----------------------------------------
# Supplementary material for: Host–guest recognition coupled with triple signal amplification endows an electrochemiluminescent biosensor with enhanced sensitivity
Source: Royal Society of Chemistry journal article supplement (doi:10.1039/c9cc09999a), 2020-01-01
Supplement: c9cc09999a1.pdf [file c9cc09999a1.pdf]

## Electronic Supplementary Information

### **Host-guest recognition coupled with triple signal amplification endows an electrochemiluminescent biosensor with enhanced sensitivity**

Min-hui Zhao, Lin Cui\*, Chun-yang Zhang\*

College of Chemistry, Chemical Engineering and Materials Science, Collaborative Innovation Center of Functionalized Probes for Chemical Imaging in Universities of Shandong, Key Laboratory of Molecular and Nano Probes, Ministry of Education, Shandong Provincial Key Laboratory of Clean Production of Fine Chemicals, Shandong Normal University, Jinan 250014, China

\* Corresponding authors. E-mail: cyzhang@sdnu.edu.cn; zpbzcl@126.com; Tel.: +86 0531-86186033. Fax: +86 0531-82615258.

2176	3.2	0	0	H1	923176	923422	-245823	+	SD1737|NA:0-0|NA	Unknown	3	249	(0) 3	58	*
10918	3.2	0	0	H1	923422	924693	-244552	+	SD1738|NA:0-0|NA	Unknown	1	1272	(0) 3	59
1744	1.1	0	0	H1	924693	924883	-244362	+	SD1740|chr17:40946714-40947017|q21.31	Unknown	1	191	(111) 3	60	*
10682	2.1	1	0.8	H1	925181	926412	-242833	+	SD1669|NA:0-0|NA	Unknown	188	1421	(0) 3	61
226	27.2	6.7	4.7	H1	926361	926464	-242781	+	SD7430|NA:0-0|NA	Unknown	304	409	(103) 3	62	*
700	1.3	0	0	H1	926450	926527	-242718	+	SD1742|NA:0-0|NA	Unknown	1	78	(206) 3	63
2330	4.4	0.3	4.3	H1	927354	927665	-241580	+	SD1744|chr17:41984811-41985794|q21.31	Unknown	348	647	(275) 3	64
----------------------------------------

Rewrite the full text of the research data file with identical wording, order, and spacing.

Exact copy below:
# Supplementary material for: Host–guest recognition coupled with triple signal amplification endows an electrochemiluminescent biosensor with enhanced sensitivity
Source: Royal Society of Chemistry journal article supplement (doi:10.1039/c9cc09999a), 2020-01-01
Supplement: c9cc09999a1.pdf [file c9cc09999a1.pdf]

## Electronic Supplementary Information

### **Host-guest recognition coupled with triple signal amplification endows an electrochemiluminescent biosensor with enhanced sensitivity**

Min-hui Zhao, Lin Cui\*, Chun-yang Zhang\*

College of Chemistry, Chemical Engineering and Materials Science, Collaborative Innovation Center of Functionalized Probes for Chemical Imaging in Universities of Shandong, Key Laboratory of Molecular and Nano Probes, Ministry of Education, Shandong Provincial Key Laboratory of Clean Production of Fine Chemicals, Shandong Normal University, Jinan 250014, China

\* Corresponding authors. E-mail: cyzhang@sdnu.edu.cn; zpbzcl@126.com; Tel.: +86 0531-86186033. Fax: +86 0531-82615258.

2176	3.2	0	0	H1	923176	923422	-245823	+	SD1737|NA:0-0|NA	Unknown	3	249	(0) 3	58	*
10918	3.2	0	0	H1	923422	924693	-244552	+	SD1738|NA:0-0|NA	Unknown	1	1272	(0) 3	59
1744	1.1	0	0	H1	924693	924883	-244362	+	SD1740|chr17:40946714-40947017|q21.31	Unknown	1	191	(111) 3	60	*
10682	2.1	1	0.8	H1	925181	926412	-242833	+	SD1669|NA:0-0|NA	Unknown	188	1421	(0) 3	61
226	27.2	6.7	4.7	H1	926361	926464	-242781	+	SD7430|NA:0-0|NA	Unknown	304	409	(103) 3	62	*
700	1.3	0	0	H1	926450	926527	-242718	+	SD1742|NA:0-0|NA	Unknown	1	78	(206) 3	63
2330	4.4	0.3	4.3	H1	927354	927665	-241580	+	SD1744|chr17:41984811-41985794|q21.31	Unknown	348	647	(275) 3	64